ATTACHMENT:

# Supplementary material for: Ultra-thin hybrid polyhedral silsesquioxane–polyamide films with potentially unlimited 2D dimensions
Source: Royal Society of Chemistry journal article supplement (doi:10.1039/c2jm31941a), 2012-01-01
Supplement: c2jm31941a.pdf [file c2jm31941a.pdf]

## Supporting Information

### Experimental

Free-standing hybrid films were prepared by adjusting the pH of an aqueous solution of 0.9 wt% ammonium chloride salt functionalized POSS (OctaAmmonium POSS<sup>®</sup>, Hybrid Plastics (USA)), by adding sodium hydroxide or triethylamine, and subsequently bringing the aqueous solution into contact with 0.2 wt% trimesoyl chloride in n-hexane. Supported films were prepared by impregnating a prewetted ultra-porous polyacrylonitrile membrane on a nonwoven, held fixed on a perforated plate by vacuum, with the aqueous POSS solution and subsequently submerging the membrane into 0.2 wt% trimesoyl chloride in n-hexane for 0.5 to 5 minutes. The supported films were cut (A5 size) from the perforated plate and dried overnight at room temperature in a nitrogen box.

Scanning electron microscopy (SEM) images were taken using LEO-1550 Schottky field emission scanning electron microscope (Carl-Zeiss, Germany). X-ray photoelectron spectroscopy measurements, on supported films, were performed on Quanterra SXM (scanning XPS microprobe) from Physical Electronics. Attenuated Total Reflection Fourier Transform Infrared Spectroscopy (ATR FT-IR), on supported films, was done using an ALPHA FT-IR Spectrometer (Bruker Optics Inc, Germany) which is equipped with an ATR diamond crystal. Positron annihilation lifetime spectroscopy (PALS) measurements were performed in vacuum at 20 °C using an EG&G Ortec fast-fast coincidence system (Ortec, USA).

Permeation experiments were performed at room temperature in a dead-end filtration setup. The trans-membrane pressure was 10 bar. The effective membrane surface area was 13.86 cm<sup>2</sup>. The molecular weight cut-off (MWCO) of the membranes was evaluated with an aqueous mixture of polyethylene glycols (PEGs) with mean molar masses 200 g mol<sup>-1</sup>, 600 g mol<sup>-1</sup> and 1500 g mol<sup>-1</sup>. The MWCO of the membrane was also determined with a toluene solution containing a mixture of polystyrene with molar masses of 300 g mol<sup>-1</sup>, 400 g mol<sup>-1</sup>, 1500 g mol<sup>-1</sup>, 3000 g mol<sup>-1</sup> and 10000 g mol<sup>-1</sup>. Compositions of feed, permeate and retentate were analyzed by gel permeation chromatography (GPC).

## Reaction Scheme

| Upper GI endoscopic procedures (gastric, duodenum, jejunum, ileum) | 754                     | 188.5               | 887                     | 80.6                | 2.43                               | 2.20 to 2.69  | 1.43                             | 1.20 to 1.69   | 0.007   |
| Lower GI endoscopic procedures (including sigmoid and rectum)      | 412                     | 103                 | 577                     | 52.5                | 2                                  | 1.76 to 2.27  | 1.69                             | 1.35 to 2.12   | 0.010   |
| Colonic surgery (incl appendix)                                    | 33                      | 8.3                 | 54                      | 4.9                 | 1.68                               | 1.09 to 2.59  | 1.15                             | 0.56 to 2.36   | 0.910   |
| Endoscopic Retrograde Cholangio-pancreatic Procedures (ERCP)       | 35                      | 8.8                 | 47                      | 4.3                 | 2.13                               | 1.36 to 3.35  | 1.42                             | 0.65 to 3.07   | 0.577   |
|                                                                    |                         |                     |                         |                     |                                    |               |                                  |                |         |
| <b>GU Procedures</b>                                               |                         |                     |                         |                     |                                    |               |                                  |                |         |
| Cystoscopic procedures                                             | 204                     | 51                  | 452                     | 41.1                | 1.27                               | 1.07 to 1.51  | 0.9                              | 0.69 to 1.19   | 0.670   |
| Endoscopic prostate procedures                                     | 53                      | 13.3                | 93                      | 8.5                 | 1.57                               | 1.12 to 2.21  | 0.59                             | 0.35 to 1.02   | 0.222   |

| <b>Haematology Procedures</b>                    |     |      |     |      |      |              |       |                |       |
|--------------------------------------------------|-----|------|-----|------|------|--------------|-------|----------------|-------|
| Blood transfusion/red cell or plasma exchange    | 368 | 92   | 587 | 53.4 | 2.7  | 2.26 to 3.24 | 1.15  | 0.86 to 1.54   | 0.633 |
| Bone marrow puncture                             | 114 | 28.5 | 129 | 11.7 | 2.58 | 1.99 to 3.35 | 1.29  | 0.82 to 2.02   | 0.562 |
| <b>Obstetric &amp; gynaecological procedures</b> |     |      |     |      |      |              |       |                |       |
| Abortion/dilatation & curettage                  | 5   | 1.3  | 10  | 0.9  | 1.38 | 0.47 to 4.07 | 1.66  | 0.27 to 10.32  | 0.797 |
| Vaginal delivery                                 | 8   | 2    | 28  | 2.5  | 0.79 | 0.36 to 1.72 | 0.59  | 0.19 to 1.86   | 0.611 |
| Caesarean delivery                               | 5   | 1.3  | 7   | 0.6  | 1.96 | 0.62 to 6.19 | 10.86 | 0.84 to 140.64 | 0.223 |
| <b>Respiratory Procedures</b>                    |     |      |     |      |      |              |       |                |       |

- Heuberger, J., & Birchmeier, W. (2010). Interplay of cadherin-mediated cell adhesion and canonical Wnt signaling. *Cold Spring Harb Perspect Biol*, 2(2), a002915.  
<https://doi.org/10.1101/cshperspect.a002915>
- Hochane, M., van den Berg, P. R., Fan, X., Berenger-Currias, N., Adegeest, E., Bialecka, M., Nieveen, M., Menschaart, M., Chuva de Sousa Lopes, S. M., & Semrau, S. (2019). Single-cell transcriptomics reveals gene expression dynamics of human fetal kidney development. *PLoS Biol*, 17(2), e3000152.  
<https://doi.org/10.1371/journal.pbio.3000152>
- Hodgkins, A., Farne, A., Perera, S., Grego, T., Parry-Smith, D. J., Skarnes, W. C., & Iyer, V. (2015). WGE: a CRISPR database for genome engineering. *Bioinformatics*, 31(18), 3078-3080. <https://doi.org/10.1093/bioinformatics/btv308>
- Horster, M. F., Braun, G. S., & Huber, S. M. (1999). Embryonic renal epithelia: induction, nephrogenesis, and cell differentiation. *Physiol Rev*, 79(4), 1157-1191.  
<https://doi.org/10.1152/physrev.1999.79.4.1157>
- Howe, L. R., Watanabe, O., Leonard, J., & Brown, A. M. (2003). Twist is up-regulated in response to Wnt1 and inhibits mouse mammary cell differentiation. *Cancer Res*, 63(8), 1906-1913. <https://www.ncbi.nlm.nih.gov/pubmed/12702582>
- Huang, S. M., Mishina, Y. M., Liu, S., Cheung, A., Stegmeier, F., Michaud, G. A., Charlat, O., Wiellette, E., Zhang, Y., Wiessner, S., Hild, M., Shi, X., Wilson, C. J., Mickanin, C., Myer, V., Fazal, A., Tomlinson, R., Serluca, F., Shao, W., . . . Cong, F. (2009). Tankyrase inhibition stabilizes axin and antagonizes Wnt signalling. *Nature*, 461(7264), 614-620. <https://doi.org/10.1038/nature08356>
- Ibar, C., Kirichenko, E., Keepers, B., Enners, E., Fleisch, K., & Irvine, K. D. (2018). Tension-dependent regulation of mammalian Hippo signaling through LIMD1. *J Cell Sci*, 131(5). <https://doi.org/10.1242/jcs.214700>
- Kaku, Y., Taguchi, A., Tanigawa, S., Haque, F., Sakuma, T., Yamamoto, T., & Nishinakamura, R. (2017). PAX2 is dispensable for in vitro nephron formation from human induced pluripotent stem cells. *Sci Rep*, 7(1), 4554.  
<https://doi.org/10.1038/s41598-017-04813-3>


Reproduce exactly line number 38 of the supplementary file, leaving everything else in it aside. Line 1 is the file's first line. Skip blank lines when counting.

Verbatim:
<https://doi.org/10.1038/s41598-017-04813-3>